The finalized employment information for the second half of last year is not available.
But the preliminary information indicates that 2004 will be a breakout year for the state, explains the Utah Department of Workforce services compiles the final employment data.
In 2004, the state showed signs of recovering from the three-year economic doldrums corresponding with the national recession and the aftermath of the downturn nationwide.
Since 1950, Utah's economic performance posted an average 3.3 percent annual job growth until 1997. The past three years were particularly bad for the state. But a new birth of economic expansion started to emerge in 2004 and the survey data for the second half of the year offer encouragement.
During the second half of 2004, monthly year-over employment increases registered at or exceeded Utah's 3.3 percent historical average, indicated workforce services.
The state experienced an employment growth trend throughout 2004 and the expanision surpassed the long-term average in the second half of the year. But high oil prices may negatively impact Utah's economy in 2005.
In the 1970s, the per barrel price of oil started to fluctuate and a national recession followed all sharp spikes.
In the second half of 2004, oil prices jumped 60 percent and the sharp spike could suggest an upcoming national recession. But a national recession does not guarantee a downturn or slowdown in Utah's economy. With the extreme exception of the last national recession, Utah managed to weather the storms and exceed the state's 3.3 percent employmenht growth average in some of the downturns. That could happen again in 2005. Strong internal demographic pressures built up in Utah during the last recession. The pressures may be strong enough to push Utah up and over another national recession, pointed out the department of workforce services.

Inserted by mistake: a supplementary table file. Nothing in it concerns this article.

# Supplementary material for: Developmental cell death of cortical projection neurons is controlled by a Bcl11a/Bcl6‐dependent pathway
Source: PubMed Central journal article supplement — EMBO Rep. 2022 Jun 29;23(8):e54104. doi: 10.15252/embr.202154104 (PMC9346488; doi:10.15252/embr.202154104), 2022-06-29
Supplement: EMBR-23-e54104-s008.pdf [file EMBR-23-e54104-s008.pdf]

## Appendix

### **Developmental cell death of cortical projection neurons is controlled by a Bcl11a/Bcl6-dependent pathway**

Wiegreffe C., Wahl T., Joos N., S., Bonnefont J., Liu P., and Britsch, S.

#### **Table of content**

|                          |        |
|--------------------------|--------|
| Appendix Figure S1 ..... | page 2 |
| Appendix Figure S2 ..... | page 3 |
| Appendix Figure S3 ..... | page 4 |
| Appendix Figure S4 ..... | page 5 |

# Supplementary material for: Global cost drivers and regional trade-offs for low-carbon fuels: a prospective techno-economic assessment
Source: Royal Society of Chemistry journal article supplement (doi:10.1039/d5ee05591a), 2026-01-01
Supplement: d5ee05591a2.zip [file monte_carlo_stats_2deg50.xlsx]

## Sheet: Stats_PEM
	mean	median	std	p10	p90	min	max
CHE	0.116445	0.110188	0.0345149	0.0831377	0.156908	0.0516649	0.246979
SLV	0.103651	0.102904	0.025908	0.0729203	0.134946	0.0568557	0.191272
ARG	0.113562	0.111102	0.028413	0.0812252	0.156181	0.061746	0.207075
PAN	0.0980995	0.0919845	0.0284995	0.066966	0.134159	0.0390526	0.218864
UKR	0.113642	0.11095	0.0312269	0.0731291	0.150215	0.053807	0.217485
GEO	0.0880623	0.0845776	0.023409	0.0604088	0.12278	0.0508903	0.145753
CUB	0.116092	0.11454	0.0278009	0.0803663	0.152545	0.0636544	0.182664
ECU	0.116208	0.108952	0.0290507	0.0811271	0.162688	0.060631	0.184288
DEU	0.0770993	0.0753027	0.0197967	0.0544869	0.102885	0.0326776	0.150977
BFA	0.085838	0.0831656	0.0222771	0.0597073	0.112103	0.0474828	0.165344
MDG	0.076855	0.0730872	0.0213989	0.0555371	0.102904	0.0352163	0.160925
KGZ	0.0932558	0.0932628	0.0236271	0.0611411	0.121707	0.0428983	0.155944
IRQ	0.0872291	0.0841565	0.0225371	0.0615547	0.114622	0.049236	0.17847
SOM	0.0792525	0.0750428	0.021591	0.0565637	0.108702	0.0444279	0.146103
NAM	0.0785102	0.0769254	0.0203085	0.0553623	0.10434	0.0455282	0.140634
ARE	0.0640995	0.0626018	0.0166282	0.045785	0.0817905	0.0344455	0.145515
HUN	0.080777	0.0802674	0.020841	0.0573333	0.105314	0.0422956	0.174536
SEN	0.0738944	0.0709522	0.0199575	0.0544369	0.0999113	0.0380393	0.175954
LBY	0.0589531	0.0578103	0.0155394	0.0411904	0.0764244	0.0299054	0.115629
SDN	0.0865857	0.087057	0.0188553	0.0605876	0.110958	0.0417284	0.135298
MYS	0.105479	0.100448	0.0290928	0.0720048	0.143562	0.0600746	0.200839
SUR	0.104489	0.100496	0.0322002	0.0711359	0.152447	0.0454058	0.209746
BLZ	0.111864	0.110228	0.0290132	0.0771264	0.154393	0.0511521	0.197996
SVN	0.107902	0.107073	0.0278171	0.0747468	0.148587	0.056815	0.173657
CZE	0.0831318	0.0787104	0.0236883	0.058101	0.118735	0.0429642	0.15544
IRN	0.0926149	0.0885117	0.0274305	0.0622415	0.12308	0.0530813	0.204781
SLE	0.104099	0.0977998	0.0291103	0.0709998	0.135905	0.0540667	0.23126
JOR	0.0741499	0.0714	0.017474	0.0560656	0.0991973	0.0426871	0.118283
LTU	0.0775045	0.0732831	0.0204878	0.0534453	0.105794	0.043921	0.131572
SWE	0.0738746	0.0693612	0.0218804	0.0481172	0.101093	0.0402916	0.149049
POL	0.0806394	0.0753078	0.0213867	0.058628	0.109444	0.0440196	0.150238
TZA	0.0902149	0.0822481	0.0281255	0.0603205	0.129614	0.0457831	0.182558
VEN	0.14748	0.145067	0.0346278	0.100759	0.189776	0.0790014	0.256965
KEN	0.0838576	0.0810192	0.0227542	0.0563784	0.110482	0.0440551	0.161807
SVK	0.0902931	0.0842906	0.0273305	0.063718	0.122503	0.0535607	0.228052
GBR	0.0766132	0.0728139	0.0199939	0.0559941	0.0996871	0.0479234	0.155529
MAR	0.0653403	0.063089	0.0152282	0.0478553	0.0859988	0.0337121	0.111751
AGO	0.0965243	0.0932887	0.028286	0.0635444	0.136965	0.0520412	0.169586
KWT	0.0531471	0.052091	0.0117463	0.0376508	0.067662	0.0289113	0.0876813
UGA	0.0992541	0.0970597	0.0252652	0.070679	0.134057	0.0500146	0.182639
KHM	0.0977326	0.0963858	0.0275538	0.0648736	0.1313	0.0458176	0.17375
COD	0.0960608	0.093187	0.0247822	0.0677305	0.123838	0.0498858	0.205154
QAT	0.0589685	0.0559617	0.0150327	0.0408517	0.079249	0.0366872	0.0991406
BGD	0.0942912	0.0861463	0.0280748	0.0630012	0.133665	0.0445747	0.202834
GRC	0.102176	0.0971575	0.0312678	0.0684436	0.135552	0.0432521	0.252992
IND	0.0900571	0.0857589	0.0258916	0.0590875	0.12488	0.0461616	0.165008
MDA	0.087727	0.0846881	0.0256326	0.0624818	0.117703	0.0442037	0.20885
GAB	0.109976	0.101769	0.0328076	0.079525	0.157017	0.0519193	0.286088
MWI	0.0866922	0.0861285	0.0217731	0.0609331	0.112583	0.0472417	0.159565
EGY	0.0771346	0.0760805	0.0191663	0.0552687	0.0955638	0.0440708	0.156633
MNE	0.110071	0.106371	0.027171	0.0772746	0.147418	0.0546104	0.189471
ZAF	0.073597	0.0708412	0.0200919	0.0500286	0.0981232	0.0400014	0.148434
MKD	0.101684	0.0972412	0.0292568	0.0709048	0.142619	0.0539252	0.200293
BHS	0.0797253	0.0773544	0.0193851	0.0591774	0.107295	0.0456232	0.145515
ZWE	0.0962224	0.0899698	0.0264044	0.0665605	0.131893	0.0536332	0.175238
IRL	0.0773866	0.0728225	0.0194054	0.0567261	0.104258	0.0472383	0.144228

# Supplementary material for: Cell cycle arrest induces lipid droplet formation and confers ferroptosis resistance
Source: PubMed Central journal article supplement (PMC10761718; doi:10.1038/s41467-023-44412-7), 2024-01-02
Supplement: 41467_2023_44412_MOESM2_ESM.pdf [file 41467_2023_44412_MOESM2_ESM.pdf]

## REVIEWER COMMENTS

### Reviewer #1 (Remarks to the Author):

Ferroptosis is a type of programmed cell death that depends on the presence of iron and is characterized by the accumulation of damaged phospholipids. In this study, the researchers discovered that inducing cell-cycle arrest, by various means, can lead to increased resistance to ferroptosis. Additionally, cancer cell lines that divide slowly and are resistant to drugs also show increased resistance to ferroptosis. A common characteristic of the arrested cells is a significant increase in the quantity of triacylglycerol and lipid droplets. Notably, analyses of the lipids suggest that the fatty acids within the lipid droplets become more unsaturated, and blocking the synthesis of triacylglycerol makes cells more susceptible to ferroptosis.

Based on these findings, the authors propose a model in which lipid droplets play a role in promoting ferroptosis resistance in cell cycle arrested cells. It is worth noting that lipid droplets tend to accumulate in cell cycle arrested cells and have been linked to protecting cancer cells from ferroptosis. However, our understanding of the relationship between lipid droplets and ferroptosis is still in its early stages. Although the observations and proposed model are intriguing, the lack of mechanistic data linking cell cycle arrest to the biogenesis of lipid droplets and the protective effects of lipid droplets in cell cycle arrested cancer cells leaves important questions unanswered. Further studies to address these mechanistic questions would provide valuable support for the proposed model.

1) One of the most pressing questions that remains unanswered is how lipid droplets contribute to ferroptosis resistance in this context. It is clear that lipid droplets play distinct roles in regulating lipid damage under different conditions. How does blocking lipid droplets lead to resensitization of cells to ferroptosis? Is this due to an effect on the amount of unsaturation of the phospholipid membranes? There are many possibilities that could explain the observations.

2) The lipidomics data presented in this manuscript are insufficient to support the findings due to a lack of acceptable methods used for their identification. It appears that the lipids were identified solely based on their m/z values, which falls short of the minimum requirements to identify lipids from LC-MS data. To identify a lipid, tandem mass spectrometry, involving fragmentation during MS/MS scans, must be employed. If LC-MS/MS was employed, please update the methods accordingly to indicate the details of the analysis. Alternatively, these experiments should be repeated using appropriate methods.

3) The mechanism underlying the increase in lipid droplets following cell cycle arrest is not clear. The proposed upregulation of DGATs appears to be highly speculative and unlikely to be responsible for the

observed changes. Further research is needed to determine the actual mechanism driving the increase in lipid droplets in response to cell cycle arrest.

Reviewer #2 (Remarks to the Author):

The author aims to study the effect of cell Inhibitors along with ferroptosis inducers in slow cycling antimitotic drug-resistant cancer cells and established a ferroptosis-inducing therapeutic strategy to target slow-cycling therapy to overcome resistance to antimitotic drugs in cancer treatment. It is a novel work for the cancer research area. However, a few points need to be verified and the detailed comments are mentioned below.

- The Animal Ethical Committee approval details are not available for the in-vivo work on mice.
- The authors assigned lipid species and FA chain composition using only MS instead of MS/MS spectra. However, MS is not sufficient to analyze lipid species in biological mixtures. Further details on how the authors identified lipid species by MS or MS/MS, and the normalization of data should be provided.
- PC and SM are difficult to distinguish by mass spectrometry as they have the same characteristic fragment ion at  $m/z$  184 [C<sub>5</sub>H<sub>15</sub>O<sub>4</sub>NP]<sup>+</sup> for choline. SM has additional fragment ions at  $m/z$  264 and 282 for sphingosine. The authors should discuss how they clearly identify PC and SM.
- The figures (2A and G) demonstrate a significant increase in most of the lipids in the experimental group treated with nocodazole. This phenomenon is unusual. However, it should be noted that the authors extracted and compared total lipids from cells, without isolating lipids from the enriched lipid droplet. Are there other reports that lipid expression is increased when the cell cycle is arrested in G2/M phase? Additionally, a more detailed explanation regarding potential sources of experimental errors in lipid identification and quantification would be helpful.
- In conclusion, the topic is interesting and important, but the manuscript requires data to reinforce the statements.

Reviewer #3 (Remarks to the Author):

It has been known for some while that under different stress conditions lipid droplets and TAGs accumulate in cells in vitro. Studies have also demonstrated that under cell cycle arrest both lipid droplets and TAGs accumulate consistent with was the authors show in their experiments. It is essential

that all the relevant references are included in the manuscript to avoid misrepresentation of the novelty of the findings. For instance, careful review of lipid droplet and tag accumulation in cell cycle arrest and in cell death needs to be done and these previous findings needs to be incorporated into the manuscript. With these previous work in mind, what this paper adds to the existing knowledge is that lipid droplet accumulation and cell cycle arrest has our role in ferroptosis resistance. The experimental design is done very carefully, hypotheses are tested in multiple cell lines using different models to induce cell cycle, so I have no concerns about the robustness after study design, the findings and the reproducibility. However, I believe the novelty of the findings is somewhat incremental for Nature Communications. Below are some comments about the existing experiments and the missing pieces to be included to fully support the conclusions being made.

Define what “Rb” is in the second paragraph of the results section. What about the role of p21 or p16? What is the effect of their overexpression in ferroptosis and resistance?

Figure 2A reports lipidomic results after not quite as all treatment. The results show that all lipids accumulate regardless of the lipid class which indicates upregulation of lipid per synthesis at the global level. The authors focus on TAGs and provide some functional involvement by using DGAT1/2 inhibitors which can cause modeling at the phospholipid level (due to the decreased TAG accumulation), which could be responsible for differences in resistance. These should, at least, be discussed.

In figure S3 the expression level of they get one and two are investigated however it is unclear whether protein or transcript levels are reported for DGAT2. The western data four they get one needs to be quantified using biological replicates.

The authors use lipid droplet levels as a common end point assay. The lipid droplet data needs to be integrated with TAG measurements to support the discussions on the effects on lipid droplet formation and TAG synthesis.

At the national level, the United States enjoyed a banner economic growth year in 2004 despite soaring oil prices and a slumping dollar. But in 2005, the U.S. is likely to encounter a significant slowdown, according to private economists. Analysts believe that rising interest rates, the lack of additionak tax cuts and the lingering effects of higher energy bills will combine to slow growth in 2005.
However, iimproving labor market conditions and cheaper energy prices led to a sharp increase in a widely watched indicator of consumer confidence in the U.S. economy in December, a good sign for growth heading into the new year. The Conference Board, a New York-based business research group, reported that the index of consumer confidence leapt by nearly 10 points to 102.3 in December, following four months of declines.
Oil prices fell as forecasts of mild U.S. weather prompted traders to take profits from a rally that dded more than 30 percent to the cost of crude last year. In the last trading day of 2004 for U.S. oil, prices were down 74 cents at $42.90 a barrel around $10 higher than the beginning of the year, but nearly $13 below the contract's all-time high of $55.67 on Oct. 25. Oil prices plummetted in the last two months on signs that high fuel costs were beginning to weigh on economic growth.
Reflecting the U.S. technology industry's recovery, venture capital investing concluded 2004 in the first up year since the boom ended in 2000. Venture capitalists plowed an estimated $20 billion into start-up companies last year and the investment upswing nationwide should benefit Utah's high-tech industry, concluded the department of workforce services.